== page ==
Meiji Japan Silver Tea and Coffee Service by Sanju Saku

  • This spectacular Meiji period silver service was crafted by renowned Japanese firm Sanju Saku
  • Purple wisteria and green foliage festoon the exquisitely crafted silver vessels and tray
  • During the Meiji period, Japanese decorative arts flourished domestically and internationally
  • This elaborate silver service showcases superb Japanese silverwork crafted for the world's stage
  • Get complete item description here
Price Upon Request Item No. 31-6187

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This spectacular Meiji period silver service was crafted by one of Japan’s most renowned silversmiths, Sanju Saku. The set includes a teapot, coffee pot, kettle on lamp stand, creamer, two-handled sugar bowl and cover, and small celery vase. Purple wisteria and green and yellow foliage festoon each of the items, adding delightful decorative enamel details to the exquisitely crafted silver vessels and tray. The superb quality of the tea and coffee service, marked with the maker’s hallmark of a turtle in a triangle, is a reflection of the celebrated Yokahama-based silver firm and the larger Japanese decorative arts movement of the Meiji Period. Further, the additional Hallmark featuring Japanese characters is called "jungin" which means pure silver. Impressively, Japanese silver features the highest purity in the world, often nearly reaching to the 1000/1000 standard.

The Meiji Restoration from 1868-1912 toppled the long-reigning Tokugawa shoguns of the Edo period and propelled Japan into the modern era, ending feudalism, establishing trade and exchange with the West, and bringing the nation further prominence on the international stage.

During the Meiji period, Japanese artists produced an incredibly diverse range of superbly crafted and often highly decorated lacquer objects, metalworks, ceramics, enamels and other decorative items. Metal arts became especially prevalent during the latter half of the 19th century after the prohibition of the wearing of swords in 1876. Instead of fashioning swords and sword fittings for the aristocracy, Japanese silver artisans were encouraged to produce decorative art, resulting in the production of remarkable silver works and the growing prestige of firms like Sanju Saku. Unbound by the demand for traditional items like swords, Japanese decorative arts flourished domestically and internationally.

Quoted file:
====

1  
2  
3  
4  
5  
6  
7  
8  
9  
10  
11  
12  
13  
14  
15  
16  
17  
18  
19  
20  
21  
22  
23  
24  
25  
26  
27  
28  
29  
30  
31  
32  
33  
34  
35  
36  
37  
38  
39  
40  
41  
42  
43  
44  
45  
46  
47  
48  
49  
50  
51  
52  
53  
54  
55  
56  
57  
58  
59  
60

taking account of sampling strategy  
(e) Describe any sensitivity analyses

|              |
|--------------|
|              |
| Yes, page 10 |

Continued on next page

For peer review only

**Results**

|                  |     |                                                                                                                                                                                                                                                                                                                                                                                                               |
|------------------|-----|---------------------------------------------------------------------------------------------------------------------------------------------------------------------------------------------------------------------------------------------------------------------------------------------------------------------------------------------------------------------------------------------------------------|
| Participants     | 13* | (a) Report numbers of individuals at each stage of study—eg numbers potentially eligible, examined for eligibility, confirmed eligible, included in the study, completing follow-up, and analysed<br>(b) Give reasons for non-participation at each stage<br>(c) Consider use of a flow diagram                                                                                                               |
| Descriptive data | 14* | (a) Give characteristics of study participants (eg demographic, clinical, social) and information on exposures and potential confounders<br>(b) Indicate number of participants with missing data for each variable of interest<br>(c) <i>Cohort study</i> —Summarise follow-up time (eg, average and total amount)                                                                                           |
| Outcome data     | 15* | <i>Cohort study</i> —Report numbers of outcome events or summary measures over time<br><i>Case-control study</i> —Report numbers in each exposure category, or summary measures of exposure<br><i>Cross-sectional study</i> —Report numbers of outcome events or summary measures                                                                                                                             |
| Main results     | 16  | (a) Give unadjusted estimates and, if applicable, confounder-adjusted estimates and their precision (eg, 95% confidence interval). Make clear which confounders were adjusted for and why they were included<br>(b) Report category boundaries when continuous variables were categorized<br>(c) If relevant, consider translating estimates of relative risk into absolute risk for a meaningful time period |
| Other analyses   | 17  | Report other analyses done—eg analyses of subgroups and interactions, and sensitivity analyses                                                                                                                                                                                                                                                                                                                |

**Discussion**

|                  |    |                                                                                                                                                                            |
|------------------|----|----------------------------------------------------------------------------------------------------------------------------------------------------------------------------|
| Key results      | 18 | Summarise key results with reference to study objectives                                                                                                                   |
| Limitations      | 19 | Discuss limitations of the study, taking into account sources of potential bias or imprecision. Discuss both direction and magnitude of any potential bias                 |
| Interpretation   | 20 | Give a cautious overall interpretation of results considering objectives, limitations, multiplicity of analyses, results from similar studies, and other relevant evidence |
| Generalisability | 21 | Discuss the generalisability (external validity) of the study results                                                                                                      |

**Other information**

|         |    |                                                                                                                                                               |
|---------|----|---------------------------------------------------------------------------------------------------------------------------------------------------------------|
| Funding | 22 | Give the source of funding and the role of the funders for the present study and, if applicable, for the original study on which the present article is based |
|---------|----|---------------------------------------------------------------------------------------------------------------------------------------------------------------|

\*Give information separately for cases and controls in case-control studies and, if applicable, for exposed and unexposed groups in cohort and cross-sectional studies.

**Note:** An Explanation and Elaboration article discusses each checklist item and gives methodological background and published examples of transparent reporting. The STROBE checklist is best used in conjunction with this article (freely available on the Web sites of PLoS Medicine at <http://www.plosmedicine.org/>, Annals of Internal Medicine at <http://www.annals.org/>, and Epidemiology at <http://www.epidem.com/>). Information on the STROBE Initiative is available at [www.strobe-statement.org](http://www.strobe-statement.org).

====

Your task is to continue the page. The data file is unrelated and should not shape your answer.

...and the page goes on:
For the World’s Fair of 1873 in Vienna, the Japanese assembled a large collection of high quality works that quickly enamored European audiences. Soon, art of Meiji Japan was displayed at international exhibitions, galleries of influential dealers and at fashionable stores in London, Paris and Vienna. This European interest in all things Japanese precipitated a burgeoning Art Nouveau aesthetic in Europe called Japonisme, a franco-centric interpretation of Japanese art. European artists working in the Art Nouveau style borrowed motifs from Japanese woodblock prints, cloisonne and lacquerware. At the same time, Japanese artists adapted their aesthetic styles to appeal to their growing European clientele. As a result, beautiful works like this elaborate wisteria-strewn silver service showcase distinctive Japanese silverwork crafted for the world’s stage. A stunning example of Japanese decorative arts in the Meiji period, this silver service dazzles with its superior craftsmanship and meticulous embellishments. 

Hallmarked Sanju Saku
Circa 1900
Tray: 16 5/8" high x 27 5/8" wide x 2 1/4" deep
Main Teapot and Stand: 12” high x 8” wide x 7 ½” deep
Milk Jug: 4 ¼” high x 5 ½” wide x 31/4 deep
Long Pot: 8” high x 6 1/4 “ wide x 4 ¾” deep
Sugar Bowl: 4 ¼ high x 5 ¼ wide x 4 ½ deep
Short Teapot” 4 ¾ high x 8 ¾” wide x 5 ¾” deep
Cup: 3” high x 2 ¾” wide x 2 ¾” deep
Meiji Japan Silver Tea and Coffee Service by Sanju Saku
Period: 20th Century
Origin: Asia
Type: Tea & Coffee Pots/Services
Depth: 2.25 Inches
Width: 27.63 Inches
Height: 16.63 Inches
Style: Art Nouveau
Meiji Japan Silver Tea and Coffee Service by Sanju Saku
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